Republicans are traditionally against regulation and government interference and as soon as the media bring a case they can profile on they will jump it like sharks. By having politicians spout the gospel the original interpretation gets legitimacy and by bringing back a monster-legislation as a thought-experiment experts cannot attack that part of the spin except claiming they haven’t heard it and since the target is biased…

Modern politics/media is a dangerous environment to be the target of.

Anonymous Coward says:

I must agree with comment #1. For many years, establishment politicians have demonstrated a suspicion of non-subservient media. Actions by the press office of the current administration have been particularly pointed in that regard (c.f. campaign reporters being denied access to Candidate Obama when their outlet endorsed a rival, White House Press Office photo shoots, nature of press briefings, etc.). Combine that with the acknowledged abuse of the IRS to target conservative groups, the Department of Justice’s handling of leak investigations (both Snowden and James Rosen come to mind), and the historical credentials of the individuals running this study (w.r.t Fairness Doctrine) and it is not at all surprising to see people suspicious that the administration would like to use FCC authority to harm uncooperative media. Whether they would have done it openly, done it “protection money” style, or played straight and treated this as nothing more than an impartial study is impossible to say now, but I think it is disingenuous to claim that people who suspect an ulterior motive have no basis for their suspicion.

Carl "Bear" Bussjaeger (profile) says:

Not so ordinary

I’m most often in the “suspicious of government motives, but doubtful of conspiracy to the point of ridicule” camp, but my quick read of the proposal (I haven’t gone through all 78 pages yet) suggests that what folks feared is exactly what the survey was going to do.

The three listed main goals of the study could be/are met without the newsroom interviews that were proposed.

1. “the access (or potential barriers) to CINs as identified by the FCC”: The proposed news census would have done that,

2. “the media that makes up media ecologies…”: Doesn’t matter. The media is a black box; you ddon’t need to know what’s inside in order to observe the CIN “output” which they claim was their concern.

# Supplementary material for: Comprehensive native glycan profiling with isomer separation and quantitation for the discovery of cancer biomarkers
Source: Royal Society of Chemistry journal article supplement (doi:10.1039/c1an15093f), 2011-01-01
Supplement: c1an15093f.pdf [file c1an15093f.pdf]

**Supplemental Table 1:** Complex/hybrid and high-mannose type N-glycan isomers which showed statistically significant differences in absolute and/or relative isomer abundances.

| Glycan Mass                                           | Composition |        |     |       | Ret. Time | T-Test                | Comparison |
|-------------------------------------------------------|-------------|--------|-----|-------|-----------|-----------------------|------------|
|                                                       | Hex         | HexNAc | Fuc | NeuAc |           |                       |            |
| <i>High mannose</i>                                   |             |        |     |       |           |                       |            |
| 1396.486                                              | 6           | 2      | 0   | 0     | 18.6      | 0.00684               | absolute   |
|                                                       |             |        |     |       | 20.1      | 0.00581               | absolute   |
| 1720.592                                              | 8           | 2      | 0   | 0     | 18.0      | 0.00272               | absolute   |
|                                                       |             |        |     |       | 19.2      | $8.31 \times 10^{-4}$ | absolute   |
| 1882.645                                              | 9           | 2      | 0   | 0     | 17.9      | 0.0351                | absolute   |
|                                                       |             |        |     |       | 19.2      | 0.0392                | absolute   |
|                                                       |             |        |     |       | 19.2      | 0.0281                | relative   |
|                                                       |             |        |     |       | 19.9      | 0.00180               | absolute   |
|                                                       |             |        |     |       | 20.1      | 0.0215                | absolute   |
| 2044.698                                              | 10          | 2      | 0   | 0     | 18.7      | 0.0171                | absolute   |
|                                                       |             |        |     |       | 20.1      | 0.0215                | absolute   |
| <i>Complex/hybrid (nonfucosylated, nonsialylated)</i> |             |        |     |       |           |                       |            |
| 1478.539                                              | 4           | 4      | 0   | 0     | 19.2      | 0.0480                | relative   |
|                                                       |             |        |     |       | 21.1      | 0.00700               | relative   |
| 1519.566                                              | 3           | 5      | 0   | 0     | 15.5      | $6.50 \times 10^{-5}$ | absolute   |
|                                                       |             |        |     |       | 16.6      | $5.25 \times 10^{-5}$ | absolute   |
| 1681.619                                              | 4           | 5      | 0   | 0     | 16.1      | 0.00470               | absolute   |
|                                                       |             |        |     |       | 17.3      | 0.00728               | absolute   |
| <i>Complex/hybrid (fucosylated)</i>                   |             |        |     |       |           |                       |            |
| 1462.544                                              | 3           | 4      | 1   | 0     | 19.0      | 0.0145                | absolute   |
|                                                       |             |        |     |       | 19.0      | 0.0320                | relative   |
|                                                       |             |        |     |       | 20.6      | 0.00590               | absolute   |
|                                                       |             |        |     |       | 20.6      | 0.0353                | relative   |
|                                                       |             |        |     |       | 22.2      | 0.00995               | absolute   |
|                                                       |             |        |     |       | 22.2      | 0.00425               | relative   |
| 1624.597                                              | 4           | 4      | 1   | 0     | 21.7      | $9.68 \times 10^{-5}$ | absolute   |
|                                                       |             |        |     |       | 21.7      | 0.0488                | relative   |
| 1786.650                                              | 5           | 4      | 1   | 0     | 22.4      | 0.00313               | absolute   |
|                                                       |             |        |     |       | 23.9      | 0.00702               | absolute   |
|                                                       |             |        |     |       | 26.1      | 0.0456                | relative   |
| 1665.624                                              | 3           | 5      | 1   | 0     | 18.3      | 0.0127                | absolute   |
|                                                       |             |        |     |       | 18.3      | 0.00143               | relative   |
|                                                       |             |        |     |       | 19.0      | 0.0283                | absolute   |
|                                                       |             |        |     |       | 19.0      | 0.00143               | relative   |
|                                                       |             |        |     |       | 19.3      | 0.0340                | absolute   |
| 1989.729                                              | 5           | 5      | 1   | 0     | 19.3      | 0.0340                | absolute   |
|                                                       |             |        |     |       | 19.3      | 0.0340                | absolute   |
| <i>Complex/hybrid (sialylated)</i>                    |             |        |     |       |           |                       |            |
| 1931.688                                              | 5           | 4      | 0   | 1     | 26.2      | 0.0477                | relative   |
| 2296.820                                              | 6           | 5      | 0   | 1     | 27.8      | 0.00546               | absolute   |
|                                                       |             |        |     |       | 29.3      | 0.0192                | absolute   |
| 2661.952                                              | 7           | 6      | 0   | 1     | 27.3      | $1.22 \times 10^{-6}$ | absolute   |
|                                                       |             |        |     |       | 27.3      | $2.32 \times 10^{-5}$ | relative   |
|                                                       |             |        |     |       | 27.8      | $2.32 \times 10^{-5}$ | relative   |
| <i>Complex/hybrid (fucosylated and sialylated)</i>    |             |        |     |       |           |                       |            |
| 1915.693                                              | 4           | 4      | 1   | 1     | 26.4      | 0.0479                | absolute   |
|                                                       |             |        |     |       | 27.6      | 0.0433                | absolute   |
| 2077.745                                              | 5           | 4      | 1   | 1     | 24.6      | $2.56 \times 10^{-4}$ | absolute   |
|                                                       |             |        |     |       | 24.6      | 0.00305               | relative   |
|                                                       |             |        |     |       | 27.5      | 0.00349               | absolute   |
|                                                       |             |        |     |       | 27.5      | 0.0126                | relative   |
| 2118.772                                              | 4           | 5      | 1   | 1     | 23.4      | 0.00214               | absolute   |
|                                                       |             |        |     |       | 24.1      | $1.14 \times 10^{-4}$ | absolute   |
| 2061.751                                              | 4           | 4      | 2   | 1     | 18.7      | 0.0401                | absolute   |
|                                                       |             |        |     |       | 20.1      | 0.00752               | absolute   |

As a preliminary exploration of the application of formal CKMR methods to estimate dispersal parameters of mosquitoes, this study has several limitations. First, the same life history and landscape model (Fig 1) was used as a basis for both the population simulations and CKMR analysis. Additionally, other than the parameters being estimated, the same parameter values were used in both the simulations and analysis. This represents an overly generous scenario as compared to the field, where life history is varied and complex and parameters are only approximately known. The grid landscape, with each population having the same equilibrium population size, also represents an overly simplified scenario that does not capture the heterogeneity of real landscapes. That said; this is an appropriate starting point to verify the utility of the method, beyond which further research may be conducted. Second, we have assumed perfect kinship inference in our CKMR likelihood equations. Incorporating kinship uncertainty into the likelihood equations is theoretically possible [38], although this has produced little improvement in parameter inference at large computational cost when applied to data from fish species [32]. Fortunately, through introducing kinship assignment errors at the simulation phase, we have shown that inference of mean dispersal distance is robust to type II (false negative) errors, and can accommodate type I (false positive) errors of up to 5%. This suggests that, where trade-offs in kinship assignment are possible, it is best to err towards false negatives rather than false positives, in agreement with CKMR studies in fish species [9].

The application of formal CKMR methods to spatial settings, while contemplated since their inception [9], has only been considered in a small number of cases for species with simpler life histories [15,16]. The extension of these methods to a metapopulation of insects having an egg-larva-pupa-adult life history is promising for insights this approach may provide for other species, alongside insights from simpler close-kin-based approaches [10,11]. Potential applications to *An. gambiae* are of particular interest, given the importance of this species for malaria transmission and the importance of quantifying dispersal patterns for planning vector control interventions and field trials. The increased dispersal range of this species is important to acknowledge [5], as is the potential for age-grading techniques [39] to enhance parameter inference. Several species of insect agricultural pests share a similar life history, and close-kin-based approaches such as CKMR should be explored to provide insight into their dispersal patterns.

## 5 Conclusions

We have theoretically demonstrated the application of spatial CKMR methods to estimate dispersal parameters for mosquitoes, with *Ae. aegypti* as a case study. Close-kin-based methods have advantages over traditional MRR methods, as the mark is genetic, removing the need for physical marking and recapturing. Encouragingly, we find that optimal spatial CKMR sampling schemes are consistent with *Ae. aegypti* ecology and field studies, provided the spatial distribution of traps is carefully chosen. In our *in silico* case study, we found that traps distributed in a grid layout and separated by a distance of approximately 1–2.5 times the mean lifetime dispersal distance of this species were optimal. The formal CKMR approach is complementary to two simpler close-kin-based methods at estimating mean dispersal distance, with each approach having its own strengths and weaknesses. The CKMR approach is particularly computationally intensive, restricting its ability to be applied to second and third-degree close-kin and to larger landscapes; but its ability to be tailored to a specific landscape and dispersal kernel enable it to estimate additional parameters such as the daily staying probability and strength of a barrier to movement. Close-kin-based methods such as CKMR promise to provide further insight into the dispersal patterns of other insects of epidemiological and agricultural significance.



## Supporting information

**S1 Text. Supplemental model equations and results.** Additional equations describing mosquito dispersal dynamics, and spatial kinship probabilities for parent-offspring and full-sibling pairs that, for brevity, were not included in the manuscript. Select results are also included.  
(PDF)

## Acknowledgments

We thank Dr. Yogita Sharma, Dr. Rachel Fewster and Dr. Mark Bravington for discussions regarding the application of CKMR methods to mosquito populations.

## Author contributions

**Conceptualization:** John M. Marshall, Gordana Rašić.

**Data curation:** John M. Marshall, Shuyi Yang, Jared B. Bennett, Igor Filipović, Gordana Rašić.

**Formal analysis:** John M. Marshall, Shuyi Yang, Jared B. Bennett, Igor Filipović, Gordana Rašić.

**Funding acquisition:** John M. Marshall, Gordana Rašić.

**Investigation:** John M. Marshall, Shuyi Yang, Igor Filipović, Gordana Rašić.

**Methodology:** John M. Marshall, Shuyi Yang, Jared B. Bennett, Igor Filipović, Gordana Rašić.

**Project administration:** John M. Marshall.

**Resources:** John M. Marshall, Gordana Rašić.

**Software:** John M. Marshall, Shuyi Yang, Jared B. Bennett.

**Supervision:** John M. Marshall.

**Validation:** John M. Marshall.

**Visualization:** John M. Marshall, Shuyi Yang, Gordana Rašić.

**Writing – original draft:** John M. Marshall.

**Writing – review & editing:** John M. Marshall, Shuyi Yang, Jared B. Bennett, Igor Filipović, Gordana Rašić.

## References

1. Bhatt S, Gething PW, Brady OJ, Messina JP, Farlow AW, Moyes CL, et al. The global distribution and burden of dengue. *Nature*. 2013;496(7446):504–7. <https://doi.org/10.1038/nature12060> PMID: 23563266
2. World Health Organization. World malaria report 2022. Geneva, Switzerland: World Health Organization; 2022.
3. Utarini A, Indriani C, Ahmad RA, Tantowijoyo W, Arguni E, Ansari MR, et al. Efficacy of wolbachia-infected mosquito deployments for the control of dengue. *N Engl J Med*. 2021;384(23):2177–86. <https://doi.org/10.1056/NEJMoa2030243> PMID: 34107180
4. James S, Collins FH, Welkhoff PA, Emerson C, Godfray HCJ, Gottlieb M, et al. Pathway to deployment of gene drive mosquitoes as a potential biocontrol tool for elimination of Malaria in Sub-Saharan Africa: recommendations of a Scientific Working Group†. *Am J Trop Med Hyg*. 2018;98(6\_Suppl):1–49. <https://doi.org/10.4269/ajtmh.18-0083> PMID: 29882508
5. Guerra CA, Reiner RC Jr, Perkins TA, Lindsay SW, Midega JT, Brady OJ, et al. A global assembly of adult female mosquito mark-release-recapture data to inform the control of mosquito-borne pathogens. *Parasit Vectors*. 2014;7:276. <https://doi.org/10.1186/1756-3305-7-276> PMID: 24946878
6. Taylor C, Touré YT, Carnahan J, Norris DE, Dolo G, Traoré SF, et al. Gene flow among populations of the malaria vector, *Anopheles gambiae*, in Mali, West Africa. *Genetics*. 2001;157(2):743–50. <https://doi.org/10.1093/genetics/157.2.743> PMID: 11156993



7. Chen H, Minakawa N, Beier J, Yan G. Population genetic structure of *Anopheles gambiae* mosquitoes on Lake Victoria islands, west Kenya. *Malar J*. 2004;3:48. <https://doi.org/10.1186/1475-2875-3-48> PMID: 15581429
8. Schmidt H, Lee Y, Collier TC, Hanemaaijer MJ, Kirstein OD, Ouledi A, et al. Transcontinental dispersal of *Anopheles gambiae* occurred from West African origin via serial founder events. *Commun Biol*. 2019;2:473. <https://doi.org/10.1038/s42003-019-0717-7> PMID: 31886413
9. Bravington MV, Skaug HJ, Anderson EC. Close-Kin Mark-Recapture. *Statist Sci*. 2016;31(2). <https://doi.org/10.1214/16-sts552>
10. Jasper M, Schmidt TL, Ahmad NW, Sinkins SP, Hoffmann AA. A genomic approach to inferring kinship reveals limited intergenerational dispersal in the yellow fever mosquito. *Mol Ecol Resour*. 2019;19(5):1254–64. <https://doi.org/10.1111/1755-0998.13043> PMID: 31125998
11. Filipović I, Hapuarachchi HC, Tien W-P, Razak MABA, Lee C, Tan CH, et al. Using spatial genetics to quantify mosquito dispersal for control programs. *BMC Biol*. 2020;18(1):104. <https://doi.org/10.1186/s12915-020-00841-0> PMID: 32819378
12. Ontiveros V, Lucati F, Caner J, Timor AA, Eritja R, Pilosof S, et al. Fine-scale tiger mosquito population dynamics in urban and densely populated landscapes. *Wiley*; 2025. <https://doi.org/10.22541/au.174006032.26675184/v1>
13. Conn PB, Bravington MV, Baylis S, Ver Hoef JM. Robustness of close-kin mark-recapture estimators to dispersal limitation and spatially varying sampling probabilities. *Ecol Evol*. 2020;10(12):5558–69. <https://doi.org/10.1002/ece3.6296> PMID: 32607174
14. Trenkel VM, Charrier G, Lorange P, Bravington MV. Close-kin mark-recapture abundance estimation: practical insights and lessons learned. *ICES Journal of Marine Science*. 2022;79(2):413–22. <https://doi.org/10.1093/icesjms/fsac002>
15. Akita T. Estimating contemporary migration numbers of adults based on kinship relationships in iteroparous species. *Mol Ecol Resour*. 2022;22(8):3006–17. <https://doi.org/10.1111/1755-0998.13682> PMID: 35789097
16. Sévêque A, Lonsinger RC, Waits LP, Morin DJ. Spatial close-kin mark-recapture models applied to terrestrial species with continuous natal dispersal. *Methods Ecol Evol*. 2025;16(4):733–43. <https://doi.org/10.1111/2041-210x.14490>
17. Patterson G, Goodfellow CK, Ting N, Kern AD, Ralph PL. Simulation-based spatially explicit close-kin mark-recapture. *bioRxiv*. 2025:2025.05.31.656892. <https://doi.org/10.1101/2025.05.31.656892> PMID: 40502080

3. “the use of and interaction between media that makes media ecologies…”: Reading further, you’ll discover this translates into “Where do people get their news?” That question is answered through the news census and surveys of the users.

Nothing in those goals requires grilling media management or staff as proposed. To the extent that anyone is interested in the process of ensuring that outlets provide what the consumers want, that’s marketing research conducted by the media so they can sell more advertising.

THIS is crap; and I can understand why people are worried about the big license grantor walking in and demanding access and answers:

Page 10, “Qualitative Analysis of Media Providers” is the tricky section, with the real kicker on page 11:

“The final component of this qualitative piece involves the execution of in-depth interviews with corporate management, local management, and support staff. We suggest a maximum of 56 media provider sites (radio and television stations) be surveyed. Within that maximum, interviews will be conducted within each market, stratified by market size. We propose that interviews be conducted at six sites in each of the selected small markets, ten sites in the selected medium markets, and 12 sites in large markets. Five interviews will be conducted at each media site. The selection of the type of staff to interview within each market shall be largely dependent on the number of properties within each market. The maximum number of interviews will be capped at 280.”

And on page 12: “The purpose of these interviews is to ascertain the process by which stories are selected, station priorities (for content, production quality, and populations served), perceived station bias, perceived percent of news dedicated to each of the eight CINs, and perceived responsiveness to underserved populations. Due to the highly sensitive nature of information collected (particularly among reporters and anchors of television news stations), demographic information will not be
reported. Additionally, confidentiality will be assured among all participants interviewed.”

Karl Bode (profile) says:

Re: Not so ordinary

“suggests that what folks feared is exactly what the survey was going to do.”